Charles Paul Narcisse Moreau

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Colonel Charles Paul Narcisse Moreau (14 September 1837, Paris – 6 July 1916) was a French soldier and mathematician. He served in the artillery and as an officier of the French Legion of Honor. He introduced Moreau's necklace-counting function into mathematics, and achieved the worst result ever recorded in an international chess tournament.

Military service[edit]

Colonel Moreau's military career is given by documents on the Legion of Honor website as follows. He was promoted to lieutenant on 1 October 1861. He served in Mexico from 23 May 1863 to 22 March 1867 during the French intervention in Mexico and was named Chevalier de l'Ordre Impérial de la Guadeloupe on 16 September 1866 and was awarded the Commemorative medal of the Mexico Expedition. On 10 August 1868 he was promoted to captain. He served in Africa from 27 January 1869 to 3 August 1870, when he returned to take part in the Franco-Prussian war. He participated in the battle of Sedan on 1 September 1870, after which he was taken prisoner until 4 June 1871. He served again in Africa (Algeria) from 5 August 1871 until 20 November 1873, during which time he was made a chevalier of the French Legion of Honor on 20 November 1872. On 8 July 1886 he was promoted to lieutenant colonel, and on 15 April 1890 was promoted to colonel. He was made an officier of the French Legion of Honor on 5 July 1893.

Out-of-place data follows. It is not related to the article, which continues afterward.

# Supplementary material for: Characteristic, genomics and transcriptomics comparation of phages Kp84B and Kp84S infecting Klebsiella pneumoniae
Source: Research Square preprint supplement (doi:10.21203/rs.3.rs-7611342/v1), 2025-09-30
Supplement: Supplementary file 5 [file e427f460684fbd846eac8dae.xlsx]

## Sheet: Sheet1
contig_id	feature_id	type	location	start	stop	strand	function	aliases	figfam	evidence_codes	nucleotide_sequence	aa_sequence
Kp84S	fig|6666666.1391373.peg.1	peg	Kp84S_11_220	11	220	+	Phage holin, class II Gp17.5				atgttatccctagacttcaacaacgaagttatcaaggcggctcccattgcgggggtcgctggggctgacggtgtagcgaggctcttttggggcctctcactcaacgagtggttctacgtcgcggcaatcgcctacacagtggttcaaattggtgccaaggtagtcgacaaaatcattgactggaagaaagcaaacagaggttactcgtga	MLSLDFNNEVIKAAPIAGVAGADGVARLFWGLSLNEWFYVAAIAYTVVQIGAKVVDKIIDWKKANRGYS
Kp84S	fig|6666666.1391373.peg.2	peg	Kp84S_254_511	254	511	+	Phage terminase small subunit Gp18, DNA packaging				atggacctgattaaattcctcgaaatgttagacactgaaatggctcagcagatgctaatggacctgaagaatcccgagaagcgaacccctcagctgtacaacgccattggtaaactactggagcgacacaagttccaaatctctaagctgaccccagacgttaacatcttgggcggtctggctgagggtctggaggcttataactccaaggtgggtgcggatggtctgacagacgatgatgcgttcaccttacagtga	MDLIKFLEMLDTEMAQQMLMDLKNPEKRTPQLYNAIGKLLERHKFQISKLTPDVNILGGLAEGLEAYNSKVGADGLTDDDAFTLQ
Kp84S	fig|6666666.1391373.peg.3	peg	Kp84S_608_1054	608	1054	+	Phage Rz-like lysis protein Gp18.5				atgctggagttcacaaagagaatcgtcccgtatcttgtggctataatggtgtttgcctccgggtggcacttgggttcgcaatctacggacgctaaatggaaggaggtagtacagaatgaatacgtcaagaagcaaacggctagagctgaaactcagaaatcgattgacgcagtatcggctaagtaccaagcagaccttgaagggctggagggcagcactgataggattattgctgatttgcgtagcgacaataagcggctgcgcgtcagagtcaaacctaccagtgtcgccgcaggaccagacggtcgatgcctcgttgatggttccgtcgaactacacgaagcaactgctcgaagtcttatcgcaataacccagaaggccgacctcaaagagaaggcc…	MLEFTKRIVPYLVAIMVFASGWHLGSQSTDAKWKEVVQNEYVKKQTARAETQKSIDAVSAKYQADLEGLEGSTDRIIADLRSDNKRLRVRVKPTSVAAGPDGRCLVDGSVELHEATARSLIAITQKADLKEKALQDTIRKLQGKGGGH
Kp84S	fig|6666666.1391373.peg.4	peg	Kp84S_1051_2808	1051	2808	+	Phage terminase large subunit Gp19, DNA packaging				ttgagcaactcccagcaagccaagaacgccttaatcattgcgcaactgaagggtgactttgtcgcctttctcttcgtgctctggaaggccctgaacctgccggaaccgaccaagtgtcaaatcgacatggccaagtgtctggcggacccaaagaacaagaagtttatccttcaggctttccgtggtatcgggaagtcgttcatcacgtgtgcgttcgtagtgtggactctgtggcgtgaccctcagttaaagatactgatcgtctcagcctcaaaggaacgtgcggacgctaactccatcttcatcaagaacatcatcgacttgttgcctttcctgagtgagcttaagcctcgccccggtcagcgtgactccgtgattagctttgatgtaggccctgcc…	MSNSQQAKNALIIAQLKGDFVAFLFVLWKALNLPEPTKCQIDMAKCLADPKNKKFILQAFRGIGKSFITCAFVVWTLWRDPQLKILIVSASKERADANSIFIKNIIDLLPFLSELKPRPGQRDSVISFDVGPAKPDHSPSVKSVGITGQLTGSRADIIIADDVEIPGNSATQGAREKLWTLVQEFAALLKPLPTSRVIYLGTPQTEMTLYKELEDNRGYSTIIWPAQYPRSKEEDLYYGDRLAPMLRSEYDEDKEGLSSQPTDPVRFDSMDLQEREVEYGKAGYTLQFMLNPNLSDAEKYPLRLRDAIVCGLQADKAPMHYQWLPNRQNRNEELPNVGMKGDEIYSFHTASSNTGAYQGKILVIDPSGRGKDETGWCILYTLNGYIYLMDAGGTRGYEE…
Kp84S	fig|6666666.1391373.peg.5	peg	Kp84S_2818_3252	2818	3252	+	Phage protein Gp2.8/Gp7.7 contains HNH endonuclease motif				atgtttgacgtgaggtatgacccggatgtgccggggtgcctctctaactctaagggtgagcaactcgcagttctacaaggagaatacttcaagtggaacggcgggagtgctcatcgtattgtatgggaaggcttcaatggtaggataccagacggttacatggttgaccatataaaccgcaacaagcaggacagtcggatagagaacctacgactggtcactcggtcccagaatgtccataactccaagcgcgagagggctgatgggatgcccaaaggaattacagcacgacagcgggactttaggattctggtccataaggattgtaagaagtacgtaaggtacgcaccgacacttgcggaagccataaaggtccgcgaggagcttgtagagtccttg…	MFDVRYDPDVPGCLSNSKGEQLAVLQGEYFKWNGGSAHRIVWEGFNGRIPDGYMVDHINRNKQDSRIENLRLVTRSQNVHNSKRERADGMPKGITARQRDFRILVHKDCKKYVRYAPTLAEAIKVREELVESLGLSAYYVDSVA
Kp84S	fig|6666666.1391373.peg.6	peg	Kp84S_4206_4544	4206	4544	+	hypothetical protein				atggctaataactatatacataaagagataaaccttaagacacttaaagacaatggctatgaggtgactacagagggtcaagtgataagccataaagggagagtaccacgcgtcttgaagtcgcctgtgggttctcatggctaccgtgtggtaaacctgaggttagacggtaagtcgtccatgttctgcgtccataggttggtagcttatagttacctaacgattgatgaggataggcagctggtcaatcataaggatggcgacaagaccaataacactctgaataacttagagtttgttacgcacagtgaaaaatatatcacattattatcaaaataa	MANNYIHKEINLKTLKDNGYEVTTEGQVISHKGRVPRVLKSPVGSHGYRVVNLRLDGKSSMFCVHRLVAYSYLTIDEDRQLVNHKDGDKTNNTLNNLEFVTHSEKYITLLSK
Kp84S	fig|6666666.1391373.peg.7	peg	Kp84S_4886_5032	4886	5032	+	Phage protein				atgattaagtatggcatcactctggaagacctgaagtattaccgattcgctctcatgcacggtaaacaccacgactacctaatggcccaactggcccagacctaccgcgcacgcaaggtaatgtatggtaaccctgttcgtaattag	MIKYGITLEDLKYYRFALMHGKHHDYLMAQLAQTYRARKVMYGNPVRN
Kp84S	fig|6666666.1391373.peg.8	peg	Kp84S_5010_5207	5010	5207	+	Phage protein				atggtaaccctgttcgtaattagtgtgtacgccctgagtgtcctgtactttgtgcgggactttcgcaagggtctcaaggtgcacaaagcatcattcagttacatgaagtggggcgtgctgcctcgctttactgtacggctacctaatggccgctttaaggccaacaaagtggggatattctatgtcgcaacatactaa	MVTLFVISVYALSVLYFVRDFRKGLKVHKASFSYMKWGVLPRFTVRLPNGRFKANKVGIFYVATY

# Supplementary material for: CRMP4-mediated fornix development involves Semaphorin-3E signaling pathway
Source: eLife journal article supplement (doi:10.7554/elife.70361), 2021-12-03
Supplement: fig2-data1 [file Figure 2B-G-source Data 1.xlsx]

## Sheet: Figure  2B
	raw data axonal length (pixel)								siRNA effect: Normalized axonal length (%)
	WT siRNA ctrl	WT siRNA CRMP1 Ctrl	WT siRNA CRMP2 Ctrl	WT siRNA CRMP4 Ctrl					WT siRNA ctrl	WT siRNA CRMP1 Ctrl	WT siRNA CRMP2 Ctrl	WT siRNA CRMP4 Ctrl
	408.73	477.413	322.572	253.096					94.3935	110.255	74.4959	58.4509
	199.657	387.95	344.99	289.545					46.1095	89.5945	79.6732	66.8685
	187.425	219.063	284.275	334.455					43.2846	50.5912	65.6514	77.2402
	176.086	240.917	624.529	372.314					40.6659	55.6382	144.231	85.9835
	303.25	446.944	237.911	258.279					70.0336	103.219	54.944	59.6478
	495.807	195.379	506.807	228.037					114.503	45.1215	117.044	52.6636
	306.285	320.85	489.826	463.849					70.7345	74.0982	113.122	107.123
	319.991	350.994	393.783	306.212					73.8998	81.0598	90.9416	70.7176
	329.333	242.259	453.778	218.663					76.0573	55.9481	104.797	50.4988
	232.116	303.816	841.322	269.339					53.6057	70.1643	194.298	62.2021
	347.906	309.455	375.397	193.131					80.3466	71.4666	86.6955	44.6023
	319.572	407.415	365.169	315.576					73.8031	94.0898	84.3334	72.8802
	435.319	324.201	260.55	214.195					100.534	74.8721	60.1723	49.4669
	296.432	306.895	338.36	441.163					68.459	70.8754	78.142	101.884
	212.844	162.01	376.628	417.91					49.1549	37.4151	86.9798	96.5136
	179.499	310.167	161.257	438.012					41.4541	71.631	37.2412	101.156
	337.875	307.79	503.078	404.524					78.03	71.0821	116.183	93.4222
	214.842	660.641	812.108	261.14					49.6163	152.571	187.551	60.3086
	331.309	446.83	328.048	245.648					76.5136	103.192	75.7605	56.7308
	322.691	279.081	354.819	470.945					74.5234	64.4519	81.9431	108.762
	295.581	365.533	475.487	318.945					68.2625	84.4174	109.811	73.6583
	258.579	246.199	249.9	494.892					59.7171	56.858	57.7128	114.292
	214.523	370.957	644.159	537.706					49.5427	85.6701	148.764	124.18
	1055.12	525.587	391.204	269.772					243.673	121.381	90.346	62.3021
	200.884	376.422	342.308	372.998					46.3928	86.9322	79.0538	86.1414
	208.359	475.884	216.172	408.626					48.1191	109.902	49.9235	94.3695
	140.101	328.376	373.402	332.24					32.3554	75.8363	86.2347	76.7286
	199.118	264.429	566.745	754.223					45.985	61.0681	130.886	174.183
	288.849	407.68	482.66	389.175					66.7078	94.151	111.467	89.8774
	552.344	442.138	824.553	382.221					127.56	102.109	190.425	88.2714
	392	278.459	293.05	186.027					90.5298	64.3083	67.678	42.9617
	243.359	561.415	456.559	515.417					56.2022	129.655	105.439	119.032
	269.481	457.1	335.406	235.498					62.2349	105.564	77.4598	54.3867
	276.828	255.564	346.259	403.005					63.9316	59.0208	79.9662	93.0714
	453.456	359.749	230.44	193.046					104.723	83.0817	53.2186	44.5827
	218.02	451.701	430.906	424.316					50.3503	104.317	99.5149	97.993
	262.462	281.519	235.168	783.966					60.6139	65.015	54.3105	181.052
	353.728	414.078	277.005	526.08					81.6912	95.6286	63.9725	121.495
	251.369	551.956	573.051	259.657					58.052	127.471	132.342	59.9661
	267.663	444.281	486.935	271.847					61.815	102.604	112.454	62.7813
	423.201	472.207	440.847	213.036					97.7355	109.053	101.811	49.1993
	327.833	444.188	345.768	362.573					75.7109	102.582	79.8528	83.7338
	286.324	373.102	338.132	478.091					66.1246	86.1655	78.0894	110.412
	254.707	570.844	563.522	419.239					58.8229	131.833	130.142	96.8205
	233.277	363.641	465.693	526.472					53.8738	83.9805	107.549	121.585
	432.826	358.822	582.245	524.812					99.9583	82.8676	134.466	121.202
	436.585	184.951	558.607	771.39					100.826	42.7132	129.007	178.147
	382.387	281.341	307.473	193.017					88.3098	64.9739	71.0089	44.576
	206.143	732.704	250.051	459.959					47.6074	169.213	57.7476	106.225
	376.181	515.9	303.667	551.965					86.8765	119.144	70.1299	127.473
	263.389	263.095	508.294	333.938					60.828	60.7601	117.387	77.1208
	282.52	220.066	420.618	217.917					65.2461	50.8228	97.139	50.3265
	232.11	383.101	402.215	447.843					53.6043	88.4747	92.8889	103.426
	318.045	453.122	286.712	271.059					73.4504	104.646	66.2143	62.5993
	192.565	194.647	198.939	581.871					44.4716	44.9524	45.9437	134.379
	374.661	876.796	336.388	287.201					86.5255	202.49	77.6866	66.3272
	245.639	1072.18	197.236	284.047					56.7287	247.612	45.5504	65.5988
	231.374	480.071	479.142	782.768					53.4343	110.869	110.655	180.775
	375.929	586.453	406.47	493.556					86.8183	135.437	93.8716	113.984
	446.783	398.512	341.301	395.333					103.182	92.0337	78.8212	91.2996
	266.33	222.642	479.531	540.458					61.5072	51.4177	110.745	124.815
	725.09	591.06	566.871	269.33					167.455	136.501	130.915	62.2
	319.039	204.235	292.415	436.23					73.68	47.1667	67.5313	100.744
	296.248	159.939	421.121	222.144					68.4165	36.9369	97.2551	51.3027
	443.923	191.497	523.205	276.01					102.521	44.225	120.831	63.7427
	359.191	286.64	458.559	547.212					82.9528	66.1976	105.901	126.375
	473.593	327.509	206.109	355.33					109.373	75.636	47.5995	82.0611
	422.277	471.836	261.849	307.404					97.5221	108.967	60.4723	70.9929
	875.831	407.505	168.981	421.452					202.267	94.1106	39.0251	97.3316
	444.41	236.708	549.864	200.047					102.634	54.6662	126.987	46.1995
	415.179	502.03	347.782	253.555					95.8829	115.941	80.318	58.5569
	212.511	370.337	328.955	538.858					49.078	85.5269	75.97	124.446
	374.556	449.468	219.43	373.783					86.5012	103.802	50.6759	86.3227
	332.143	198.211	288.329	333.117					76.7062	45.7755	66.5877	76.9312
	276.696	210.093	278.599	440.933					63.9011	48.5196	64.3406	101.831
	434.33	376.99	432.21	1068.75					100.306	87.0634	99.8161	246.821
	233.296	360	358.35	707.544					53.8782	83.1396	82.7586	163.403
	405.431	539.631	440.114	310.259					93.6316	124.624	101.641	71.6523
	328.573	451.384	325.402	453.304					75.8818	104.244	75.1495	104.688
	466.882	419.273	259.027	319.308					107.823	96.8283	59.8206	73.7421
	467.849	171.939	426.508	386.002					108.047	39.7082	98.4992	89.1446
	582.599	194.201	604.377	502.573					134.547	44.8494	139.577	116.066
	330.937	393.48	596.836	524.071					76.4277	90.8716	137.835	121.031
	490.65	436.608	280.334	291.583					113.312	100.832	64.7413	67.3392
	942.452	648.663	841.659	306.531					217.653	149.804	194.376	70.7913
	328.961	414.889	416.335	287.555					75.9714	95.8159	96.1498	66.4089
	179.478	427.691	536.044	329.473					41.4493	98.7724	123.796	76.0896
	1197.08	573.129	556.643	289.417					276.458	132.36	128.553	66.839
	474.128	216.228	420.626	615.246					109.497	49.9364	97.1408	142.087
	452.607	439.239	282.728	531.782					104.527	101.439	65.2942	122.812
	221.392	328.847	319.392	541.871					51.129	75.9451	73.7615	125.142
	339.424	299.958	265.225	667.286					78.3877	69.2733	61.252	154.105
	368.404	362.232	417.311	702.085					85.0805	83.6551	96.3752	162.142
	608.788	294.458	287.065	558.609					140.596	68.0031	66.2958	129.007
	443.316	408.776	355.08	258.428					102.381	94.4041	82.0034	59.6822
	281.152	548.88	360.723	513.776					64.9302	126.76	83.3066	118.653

Mathematics and chess[edit]

Spinrad (2008a, 2008b) identified Moreau as the chess player "Colonel Moreau" who set a record for the worst-ever performance in an international tournament by losing all his 26 games in the 1903 Monte Carlo chess tournament. It is unclear why someone that weak was playing in an international tournament. He is sometimes said to have been a last-minute substitute for Mikhail Chigorin, who was apparently dropped after a dispute with the organizer Prince André Dadian, but Spinrad pointed out that this is unlikely because Moreau and Chigorin were both listed among the 14 competitors in a newspaper story in The New York Sun and Salt Lake Herald from 21 December 1902, several weeks before the tournament started on 10 February 1903. Moreau was on the tournament organizing committee for the 1902 Monte Carlo tournament.

Spinrad also pointed out that Moreau published several mathematical papers. In particular Moreau (1872) introduced Moreau's necklace-counting function, and Lucas (1891b, pp. 501–503) described a variation of this that he credited to Moreau. Moreau (1873) pointed out a counterexample to a lemma used by Adrien-Marie Legendre in his attempt to prove Dirichlet's theorem on arithmetic progressions. Lucas (1891, pp. 181–195) describes Moreau's analysis of the mathematical game "red and black" invented by Arnous de Rivière. Laisant (1891, p. 106) mentions Moreau's unpublished solution to a combinatorial problem involving rooks on a chessboard.


Moreau also published several notes titled "Solution de la question ...." in volumes XI to XVI of the journal Nouvelles annales de mathématiques giving solutions to questions asked in it.


External links[edit]